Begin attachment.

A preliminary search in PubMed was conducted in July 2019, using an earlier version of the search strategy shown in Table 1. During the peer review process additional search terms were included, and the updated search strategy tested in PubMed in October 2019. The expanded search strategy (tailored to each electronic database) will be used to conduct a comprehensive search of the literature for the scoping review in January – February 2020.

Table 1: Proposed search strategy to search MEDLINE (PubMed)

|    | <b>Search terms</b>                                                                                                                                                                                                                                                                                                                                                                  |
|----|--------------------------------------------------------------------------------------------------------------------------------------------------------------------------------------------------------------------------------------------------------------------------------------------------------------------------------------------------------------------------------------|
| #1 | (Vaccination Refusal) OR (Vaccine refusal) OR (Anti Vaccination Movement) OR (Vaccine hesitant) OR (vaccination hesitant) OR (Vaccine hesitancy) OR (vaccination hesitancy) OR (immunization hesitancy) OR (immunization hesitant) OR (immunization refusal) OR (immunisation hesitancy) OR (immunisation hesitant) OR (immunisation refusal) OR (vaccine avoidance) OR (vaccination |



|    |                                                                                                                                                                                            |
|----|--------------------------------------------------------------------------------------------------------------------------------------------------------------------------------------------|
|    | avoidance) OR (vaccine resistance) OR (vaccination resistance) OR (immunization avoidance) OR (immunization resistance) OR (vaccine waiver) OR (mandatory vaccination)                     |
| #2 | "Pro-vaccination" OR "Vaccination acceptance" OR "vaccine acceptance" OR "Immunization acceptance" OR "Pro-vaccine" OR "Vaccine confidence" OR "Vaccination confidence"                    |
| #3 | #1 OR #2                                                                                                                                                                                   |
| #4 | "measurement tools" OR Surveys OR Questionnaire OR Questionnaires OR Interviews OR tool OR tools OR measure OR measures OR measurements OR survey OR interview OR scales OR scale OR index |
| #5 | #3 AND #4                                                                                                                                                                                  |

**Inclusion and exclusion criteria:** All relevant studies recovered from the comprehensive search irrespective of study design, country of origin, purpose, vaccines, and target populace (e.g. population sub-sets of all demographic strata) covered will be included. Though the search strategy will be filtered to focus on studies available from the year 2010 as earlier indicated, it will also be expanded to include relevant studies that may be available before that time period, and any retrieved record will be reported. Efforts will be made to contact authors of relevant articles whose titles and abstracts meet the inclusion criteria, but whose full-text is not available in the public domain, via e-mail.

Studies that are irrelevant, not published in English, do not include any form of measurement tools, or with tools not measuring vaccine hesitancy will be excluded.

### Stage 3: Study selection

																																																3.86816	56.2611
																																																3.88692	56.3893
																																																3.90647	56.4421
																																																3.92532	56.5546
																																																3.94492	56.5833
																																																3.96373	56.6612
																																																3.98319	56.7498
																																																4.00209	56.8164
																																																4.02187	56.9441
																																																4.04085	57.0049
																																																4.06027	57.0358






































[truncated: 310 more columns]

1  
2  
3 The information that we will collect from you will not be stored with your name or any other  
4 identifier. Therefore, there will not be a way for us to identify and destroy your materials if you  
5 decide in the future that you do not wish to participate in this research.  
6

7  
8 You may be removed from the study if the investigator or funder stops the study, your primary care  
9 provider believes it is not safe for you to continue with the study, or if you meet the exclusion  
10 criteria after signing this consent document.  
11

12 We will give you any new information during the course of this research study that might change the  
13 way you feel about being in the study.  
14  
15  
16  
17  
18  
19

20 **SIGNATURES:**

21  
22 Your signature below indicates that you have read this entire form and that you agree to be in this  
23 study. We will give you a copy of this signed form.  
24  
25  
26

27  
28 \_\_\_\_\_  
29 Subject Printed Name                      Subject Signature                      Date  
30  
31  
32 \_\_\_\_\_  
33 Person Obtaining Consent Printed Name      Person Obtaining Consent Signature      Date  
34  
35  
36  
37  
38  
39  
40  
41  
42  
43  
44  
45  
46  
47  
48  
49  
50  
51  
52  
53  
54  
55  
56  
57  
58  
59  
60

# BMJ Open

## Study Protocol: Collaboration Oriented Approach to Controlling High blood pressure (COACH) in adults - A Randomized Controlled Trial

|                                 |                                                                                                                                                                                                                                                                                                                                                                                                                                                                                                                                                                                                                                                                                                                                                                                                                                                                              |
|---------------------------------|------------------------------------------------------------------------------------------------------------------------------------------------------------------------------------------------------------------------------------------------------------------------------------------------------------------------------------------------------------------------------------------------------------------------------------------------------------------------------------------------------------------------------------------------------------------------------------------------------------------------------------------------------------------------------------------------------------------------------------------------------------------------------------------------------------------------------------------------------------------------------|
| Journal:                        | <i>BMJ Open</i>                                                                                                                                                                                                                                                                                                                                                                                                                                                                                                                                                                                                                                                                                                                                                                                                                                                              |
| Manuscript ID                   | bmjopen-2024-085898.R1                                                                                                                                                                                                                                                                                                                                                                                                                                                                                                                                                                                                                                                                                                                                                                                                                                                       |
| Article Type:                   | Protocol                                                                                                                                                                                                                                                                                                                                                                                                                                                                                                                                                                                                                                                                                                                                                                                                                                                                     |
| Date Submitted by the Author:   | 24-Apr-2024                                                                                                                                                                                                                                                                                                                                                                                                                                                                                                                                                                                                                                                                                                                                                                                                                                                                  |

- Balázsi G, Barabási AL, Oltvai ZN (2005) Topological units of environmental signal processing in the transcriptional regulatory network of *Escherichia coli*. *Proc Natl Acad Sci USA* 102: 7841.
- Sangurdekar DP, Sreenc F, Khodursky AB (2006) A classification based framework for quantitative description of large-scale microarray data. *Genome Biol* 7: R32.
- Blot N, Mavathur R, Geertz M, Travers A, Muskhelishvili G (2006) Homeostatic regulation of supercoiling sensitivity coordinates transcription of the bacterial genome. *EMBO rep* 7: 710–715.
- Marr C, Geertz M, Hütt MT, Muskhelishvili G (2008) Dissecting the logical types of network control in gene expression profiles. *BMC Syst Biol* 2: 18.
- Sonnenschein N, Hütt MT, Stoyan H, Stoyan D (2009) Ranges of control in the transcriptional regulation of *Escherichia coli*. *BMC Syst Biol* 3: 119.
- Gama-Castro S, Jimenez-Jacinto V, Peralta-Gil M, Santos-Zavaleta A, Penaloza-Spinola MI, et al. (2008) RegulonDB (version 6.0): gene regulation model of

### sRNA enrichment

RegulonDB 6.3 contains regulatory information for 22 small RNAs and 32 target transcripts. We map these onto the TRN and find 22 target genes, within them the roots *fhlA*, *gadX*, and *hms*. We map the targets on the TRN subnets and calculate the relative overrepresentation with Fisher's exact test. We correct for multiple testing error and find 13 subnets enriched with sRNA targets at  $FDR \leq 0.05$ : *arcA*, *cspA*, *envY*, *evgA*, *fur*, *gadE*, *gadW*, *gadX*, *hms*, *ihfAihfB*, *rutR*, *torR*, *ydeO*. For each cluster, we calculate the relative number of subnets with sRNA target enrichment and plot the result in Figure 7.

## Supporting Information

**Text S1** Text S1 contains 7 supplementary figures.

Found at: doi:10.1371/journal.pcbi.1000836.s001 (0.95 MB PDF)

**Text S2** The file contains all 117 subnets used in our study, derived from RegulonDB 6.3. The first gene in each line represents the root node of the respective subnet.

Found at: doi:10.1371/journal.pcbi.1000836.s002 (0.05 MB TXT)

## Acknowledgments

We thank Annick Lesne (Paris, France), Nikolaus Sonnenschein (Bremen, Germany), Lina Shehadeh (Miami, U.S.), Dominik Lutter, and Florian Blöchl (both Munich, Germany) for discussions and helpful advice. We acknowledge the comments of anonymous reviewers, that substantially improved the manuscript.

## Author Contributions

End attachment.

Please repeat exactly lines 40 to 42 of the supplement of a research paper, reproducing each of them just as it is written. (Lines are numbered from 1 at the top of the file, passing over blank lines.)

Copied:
13 way you feel about being in the study.  
14  
15  